A new fibre optic medical tool is revolutionising our understanding of serious but socially embarrassing digestive illnesses, such as constipation, diarrhoea and irritable bowel syndrome. Thanks to this device, medical scientists can see for the first time the coordinated, fine and complex muscular activity of the human digestive system in action.
CSIRO optical physicist Dr John Arkwright, together with Dr Philip Dinning, of Flinders University, collected a 2011 Eureka Prize for their creation of the fibre optic catheter, which gleans information about digestive function by measuring pressure.
Continue reading Fibre optics: from cables to colon health
A new instrument at the Australian Astronomical Observatory (AAO) can sample the light coming from hundreds of galaxies per night—which can tell us new things about the universe.
Sydney-AAO Multi-object Integral field spectrograph (SAMI) can look at up to 100 galaxies in a night, because it can look at 60 different regions in each of 13 different galaxies, all at once.
But most observatories around the world can only do one galaxy at a time.
Continue reading Galactic shutterbug
Imagine an extremely large optical telescope fitted with detectors that can selectively collect light from a particular section of the telescope’s focal plane. Using revolutionary robotic technology called Starbugs, the detector will reconfigure itself in real time to collect from any particular area of the image, and will feed the data into any analytical instrument.
That’s exactly what Matthew Colless and his team at the Australian Astronomical Observatory have in mind with the development of MANIFEST (the many-instrument fibre system)—which make use of the special photonic technologies developed by Joss Bland-Hawthorn and his team at the University of Sydney. Continue reading Sifting sky data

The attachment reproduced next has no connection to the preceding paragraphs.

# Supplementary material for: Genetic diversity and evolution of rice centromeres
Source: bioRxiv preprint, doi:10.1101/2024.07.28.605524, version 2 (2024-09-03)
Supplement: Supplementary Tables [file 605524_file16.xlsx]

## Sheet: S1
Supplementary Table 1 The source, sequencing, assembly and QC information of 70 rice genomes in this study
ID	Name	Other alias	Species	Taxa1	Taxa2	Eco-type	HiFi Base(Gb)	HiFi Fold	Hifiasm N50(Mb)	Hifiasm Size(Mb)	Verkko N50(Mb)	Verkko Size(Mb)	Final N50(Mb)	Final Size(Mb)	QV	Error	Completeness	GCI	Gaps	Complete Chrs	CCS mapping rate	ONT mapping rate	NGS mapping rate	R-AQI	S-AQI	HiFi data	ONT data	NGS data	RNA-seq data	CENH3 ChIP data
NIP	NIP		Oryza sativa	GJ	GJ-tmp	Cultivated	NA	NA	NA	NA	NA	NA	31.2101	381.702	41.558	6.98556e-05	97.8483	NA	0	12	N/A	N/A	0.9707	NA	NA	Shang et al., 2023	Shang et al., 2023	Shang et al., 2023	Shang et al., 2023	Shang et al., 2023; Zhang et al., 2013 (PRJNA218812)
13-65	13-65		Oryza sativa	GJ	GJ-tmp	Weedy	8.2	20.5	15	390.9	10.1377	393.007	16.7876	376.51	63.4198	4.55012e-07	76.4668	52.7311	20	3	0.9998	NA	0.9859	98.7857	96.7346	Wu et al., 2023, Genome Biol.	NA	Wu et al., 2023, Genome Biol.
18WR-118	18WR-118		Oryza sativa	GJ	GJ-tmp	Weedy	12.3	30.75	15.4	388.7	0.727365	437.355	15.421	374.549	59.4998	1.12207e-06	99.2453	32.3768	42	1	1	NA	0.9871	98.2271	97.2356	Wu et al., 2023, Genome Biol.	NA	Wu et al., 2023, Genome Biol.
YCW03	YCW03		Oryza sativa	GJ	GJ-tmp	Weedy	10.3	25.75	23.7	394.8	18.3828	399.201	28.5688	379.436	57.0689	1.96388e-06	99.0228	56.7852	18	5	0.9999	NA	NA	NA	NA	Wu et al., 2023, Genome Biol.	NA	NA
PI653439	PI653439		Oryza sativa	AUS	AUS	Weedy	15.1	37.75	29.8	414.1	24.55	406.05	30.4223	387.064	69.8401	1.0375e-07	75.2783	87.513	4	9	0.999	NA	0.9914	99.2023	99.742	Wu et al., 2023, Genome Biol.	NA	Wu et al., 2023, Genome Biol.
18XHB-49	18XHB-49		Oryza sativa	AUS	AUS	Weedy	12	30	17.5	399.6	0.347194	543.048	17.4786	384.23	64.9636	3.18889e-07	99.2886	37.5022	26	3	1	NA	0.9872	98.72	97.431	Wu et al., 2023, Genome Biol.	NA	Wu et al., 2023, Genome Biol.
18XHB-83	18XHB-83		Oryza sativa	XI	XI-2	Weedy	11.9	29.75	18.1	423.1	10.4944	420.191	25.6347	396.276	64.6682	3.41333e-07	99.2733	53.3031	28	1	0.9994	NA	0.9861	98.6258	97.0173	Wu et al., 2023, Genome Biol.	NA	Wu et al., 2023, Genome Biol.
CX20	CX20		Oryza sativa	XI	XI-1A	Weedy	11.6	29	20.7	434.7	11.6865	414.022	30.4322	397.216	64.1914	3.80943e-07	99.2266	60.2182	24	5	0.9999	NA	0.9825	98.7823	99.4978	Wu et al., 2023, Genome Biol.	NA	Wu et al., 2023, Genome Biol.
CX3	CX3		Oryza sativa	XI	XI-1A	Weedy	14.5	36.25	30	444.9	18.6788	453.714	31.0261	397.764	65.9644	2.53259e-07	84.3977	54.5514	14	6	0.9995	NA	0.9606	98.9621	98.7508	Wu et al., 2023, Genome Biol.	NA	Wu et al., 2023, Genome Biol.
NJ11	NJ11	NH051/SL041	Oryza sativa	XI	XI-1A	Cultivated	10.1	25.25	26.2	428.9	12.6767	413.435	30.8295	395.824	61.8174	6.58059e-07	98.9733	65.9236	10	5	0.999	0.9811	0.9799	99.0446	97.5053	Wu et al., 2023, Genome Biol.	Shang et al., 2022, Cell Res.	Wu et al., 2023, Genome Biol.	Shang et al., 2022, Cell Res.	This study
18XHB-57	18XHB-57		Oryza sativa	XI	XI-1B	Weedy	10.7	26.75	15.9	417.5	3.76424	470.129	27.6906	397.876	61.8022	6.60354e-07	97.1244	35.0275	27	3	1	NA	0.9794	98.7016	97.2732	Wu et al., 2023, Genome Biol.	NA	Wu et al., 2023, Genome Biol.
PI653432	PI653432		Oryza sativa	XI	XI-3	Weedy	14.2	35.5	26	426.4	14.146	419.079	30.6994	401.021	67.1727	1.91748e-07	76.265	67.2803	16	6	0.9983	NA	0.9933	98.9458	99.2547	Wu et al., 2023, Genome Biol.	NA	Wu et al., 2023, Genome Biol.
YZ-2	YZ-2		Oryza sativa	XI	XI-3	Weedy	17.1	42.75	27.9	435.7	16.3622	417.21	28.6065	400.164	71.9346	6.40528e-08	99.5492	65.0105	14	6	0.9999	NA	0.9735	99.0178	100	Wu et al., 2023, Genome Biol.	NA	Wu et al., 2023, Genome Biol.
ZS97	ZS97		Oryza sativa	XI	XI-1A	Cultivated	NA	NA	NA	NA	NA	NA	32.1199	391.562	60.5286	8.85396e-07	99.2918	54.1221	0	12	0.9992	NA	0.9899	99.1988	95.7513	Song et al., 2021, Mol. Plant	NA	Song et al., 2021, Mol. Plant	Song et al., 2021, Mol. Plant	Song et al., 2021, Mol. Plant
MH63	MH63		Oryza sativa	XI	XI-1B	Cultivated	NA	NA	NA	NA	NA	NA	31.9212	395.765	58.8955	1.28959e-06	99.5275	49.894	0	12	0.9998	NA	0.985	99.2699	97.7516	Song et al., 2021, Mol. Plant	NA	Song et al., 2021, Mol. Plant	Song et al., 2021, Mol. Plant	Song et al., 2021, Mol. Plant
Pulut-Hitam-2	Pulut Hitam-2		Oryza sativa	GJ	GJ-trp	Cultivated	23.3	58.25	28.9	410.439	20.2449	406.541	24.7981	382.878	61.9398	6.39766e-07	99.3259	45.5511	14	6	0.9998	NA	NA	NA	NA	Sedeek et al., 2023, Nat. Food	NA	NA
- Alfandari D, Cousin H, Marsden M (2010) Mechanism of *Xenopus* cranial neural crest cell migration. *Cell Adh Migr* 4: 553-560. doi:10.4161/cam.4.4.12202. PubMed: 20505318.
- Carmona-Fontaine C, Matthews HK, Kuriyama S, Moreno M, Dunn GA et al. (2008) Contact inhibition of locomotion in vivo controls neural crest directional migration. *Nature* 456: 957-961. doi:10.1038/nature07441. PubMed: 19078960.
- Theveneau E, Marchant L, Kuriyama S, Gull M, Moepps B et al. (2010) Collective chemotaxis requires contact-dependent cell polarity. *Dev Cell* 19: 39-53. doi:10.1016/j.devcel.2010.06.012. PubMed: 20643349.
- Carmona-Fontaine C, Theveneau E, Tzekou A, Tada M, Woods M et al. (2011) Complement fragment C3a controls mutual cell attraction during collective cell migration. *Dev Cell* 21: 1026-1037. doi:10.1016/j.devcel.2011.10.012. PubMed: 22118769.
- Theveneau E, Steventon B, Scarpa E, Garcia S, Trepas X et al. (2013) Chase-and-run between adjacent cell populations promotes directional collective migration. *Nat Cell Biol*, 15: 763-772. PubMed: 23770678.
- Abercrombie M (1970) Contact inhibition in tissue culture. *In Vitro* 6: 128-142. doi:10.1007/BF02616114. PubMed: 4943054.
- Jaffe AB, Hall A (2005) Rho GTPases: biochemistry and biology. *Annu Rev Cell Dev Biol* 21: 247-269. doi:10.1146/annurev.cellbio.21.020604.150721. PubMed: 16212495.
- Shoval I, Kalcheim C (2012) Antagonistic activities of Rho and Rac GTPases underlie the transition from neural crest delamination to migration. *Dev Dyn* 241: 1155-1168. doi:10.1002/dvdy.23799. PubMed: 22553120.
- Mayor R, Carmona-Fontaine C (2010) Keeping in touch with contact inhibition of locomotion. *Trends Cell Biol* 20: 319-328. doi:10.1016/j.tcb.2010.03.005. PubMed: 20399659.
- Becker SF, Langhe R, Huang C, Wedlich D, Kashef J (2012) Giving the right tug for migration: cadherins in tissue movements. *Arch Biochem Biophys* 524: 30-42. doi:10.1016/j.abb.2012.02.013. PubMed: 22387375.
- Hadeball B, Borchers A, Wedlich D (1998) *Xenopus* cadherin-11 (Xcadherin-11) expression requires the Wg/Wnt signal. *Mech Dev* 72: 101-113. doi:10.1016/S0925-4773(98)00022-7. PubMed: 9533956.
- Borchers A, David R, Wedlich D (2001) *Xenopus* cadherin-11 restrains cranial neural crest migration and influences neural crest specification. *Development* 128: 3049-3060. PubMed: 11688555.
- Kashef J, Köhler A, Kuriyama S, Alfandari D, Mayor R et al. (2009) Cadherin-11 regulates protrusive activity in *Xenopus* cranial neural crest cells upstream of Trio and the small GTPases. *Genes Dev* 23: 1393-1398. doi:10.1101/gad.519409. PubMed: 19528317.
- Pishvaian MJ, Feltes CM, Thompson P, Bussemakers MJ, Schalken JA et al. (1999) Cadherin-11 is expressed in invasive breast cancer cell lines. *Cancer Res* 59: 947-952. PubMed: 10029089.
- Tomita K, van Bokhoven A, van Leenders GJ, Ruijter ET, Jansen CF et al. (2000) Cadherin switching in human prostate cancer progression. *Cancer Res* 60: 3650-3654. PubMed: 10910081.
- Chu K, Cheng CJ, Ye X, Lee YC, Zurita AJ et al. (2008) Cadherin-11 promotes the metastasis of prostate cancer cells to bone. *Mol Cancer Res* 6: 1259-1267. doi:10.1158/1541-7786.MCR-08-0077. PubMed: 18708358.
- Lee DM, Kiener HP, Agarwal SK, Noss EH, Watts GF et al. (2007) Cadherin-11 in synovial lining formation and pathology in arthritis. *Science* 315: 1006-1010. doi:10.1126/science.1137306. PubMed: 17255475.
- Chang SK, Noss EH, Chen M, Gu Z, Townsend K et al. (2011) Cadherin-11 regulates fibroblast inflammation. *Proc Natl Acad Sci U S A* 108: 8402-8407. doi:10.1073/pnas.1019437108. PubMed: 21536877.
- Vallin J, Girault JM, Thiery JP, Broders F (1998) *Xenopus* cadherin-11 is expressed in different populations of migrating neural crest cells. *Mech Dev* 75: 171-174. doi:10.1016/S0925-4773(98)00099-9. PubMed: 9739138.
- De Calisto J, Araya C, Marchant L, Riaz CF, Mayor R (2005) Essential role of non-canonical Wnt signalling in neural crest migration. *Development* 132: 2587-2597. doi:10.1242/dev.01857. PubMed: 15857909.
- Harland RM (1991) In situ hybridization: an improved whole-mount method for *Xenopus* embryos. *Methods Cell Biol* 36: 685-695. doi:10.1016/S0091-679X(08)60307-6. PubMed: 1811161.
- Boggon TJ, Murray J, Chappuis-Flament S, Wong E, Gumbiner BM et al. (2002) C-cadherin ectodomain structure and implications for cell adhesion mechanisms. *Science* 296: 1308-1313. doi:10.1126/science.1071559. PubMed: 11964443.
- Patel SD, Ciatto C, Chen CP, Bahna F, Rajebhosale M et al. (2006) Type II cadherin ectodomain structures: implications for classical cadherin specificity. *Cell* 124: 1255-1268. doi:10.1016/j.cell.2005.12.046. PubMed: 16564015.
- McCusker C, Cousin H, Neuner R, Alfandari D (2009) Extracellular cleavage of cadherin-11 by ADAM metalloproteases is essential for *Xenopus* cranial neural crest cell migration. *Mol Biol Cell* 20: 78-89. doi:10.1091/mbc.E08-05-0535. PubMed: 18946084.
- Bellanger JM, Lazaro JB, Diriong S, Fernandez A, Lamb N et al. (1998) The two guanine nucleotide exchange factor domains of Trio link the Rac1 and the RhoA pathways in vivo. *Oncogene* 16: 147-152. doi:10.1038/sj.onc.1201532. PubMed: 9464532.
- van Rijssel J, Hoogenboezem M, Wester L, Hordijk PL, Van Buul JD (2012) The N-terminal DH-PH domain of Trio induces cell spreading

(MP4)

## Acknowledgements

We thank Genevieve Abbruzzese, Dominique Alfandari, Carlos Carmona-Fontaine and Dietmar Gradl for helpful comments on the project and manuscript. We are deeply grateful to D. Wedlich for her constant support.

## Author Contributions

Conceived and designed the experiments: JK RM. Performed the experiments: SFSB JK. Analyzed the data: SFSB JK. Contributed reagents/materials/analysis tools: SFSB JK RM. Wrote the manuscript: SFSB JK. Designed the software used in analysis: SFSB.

Using the Gemini South telescope in Chile, a team of astronomers led by Joss Bland-Hawthorn of the University of Sydney revealed the faint, outer regions of the galaxy called NGC 300, showing that the galaxy is at least twice the size as thought previously. The findings suggest that our own Milky Way galaxy could also be bigger than the textbooks say.
But Joss’s telescope observations are just a part of his contribution to astronomy. He is also helping to pioneer a new technology known as astrophotonics, which uses optical systems to improve our understanding of the Universe. Continue reading Bringing dark corners of the Universe to light
The only way to find out whether the internal structures of an aircraft are corroded is to pull the plane apart and look. But new nanotechnology-based techniques being developed by Prof. Tanya Monro, Director of University of Adelaide’s Centre of Expertise in Photonics, in collaboration with the Defence Science and Technology Organisation, could make costly visual inspection in preventive aircraft maintenance a thing of the past.